Enhanced by Zemanta

Business technology solutions: Keep it simple

Few would doubt that technology is set to be a huge enabler for small to medium sized businesses (SMEs) as most have been largely underserved until recent years. We are only now starting to see some more user-friendly enterprise software e.g. for accounting, CRM, communication (internal and external) etc, that help SMEs compete on almost a level playing field with larger enterprises (who have larger budgets).

Aaron Levie of makes some interesting points about the opportunities for enterprise software providers and business users. He stresses the importance of enterprise software developers removing the shroud of tech jargon and complexity around enterprise software and instead focusing on providing functional yet simple core products capable of being modified to specific business needs. Levie states:

There will always be a few really complex problems that require complex solutions. But for the vast majority (read: 95%) of use cases, simplicity will suffice. Where complexity is necessary – whether it’s to build a specific workflow, integration, or solution for a particular vertical – solve it through customization. Abstract the core areas of your product from the parts that can be modified by a developer or customer, making sure the core and default use is still simple. The best products in the world can do as much or as little as customers want without you having to think twice. The economic upside of this is obvious, of course, as you’ll now have a rich ecosystem of integrators, value-added resellers, and professional service firms that can participate in your success.

Did he say 95%….?!

We have already seen how superb consumer software such as Apple‘s iPhone or Google’s Android platform can be transformed by third party modifications and developments. What if we could apply the same principles to SME business software?

What business enterprise solutions are catching your attention?

Enhanced by Zemanta

A new breed of successful business

It is time to change how we measure and interpret success for businesses today. To introduce a definition of business success that is more aligned with our changing business environment i.e. a drive for innovation mixed with a growing distrust of large corporations and lower cost of starting new businesses.

It used to be the case that, to be considered a “success”, a business had to be BIG and have been established (almost) forever.

As a consequence we saw businesses undertake huge expensive acquisition trails to bolt on new businesses and build themselves as big as they could as fast as they could. Its not hard to find talented individuals who have been on the receiving end of redundancies introduced post acquisition to “maximise synergies”. Hoped for synergies rarely play out in the end.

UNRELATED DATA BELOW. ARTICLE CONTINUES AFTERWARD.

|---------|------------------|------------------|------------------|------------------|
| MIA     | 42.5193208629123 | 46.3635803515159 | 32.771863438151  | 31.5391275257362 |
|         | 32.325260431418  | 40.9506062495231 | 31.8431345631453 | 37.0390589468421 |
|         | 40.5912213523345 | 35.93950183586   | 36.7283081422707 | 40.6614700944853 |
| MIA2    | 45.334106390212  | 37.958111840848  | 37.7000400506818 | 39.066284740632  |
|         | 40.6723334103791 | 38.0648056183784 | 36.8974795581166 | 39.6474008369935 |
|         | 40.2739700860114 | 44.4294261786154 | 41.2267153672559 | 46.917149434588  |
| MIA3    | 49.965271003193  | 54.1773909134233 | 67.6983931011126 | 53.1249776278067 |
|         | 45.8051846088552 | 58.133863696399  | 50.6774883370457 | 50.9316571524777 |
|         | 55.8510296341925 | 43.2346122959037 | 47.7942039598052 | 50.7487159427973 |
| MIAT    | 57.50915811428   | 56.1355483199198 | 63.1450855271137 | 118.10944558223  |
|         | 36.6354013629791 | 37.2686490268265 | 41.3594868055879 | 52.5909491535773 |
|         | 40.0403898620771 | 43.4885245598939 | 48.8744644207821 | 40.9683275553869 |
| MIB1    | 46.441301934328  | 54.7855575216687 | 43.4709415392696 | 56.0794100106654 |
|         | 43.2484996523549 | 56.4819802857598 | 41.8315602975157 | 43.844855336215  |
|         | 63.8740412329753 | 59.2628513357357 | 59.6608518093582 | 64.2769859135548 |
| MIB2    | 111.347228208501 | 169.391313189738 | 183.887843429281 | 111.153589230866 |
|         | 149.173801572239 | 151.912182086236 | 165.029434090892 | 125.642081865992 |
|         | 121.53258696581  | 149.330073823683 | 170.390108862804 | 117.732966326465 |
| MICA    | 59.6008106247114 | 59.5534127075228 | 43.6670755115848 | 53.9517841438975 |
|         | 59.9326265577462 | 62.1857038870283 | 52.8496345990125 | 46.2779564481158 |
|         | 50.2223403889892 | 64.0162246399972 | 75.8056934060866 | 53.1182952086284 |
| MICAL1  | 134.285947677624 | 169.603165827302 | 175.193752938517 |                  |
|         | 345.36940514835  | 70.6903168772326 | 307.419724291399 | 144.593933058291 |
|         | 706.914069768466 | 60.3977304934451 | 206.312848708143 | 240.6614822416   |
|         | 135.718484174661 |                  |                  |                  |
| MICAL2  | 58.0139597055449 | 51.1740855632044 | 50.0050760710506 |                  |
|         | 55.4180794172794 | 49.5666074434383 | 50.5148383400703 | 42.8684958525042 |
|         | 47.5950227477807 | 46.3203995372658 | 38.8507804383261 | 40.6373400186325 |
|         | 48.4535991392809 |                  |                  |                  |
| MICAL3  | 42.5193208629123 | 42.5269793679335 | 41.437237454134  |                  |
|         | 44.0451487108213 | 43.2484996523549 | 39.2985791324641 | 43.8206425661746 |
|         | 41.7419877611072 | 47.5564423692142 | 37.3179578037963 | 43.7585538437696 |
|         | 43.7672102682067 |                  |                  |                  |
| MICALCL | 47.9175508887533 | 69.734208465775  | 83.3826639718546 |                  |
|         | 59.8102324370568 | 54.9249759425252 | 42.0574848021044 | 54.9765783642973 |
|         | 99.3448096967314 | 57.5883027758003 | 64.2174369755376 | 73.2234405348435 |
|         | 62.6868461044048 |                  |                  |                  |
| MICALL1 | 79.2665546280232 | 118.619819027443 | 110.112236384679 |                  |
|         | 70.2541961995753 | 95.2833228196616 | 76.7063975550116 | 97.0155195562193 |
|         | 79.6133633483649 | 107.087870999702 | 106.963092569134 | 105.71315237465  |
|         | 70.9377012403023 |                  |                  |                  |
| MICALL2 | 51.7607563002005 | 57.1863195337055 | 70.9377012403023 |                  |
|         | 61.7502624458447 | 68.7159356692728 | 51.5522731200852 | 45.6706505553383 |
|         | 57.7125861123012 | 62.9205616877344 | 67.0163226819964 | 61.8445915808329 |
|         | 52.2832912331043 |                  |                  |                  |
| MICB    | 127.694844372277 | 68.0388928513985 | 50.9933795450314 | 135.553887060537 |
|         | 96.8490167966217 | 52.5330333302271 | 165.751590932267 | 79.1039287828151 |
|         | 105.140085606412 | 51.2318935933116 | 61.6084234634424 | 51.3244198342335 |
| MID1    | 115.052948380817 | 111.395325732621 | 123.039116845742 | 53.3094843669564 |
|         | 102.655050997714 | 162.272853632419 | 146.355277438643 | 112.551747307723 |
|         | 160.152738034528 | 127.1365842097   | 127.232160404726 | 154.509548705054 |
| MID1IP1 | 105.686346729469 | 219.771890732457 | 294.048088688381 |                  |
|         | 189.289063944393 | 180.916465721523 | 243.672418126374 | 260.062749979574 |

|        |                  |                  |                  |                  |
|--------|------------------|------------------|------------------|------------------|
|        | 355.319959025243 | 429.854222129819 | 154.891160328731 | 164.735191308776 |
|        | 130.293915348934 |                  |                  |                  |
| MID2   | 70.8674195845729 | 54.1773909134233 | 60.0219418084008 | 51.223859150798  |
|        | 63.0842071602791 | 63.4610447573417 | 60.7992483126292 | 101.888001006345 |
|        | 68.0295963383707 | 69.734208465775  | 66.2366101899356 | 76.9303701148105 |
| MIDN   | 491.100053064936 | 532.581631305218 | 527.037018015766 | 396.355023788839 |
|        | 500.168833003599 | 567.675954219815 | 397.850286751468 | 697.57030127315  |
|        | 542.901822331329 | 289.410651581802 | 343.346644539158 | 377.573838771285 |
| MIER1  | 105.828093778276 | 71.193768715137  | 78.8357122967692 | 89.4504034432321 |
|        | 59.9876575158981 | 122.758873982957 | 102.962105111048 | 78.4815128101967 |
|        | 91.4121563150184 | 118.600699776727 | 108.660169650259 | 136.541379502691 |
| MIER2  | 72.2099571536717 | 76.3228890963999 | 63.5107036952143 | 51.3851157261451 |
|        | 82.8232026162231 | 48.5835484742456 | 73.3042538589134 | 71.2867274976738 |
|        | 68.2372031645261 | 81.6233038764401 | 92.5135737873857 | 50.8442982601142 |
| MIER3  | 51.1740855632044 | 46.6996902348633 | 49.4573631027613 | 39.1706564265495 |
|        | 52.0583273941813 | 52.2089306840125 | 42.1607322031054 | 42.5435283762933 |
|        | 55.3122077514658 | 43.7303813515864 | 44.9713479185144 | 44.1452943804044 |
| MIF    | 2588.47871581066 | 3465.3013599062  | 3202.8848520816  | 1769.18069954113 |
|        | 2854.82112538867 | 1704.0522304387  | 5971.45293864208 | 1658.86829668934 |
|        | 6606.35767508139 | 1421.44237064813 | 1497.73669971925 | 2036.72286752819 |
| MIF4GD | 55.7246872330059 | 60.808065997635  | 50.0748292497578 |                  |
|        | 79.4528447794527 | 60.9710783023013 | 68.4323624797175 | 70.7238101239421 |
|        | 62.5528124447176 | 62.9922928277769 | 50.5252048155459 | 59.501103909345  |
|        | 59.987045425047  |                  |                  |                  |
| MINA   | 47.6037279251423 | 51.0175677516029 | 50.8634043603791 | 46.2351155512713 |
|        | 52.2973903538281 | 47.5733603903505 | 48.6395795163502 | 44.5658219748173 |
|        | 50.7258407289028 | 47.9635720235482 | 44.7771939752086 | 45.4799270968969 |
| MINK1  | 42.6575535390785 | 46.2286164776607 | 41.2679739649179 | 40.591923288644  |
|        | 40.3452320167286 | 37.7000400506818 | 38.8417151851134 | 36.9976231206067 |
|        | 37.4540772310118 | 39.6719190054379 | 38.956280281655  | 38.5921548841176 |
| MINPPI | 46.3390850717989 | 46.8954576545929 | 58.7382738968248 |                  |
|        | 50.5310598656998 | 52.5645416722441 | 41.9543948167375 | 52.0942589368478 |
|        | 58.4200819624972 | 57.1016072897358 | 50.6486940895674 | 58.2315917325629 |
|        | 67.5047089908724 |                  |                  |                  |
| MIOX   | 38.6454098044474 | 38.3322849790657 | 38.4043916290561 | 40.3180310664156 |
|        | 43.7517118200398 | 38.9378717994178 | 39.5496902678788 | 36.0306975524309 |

BIG was once good.

Similarly, Jim Collin’s landmark “Good to Great” was attacked as many of the “great” companies profiled in the book went under or got taken over not long after publication. Critics singled out crusty old companies as better examples as these had survived since say the 1880s.

Being able to prove that a business was old and crusty was once good.

Both measures miss the point – BIG and long established companies are rarely great and are therefore rarely a suitable measure of business success.

What is a better measure of business success for the 21st century?

I think a better measure of business success is the rate at which companies start new spin-off companies to explore new markets and opportunities. Rather than judge the originating business or entity on its sole survival and relative size, why not measure it instead on the number and diversity of new businesses it has spawned.

By adopting this alternative mindset of ‘success’, companies would be encouraged and rewarded for taking risks and innovating with new ventures. Promising management teams and future stars could be pulled together into teams to test new market propositions and obtain valuable experience and feedback in the process. The stigma of failure is drastically reduced (“as hey, these are experimental missions”) and with each setback the successful business genes are weeded out and are passed onto the next iteration of the business.

This way business success breeds business success.

And so tomorrow’s great businesses would pay tribute to their business ancestors whilst gazing down proudly (at their rapidly expanding and divergent) business offspring.

What are your thoughts on this alternative interpretation of business success?

Enhanced by Zemanta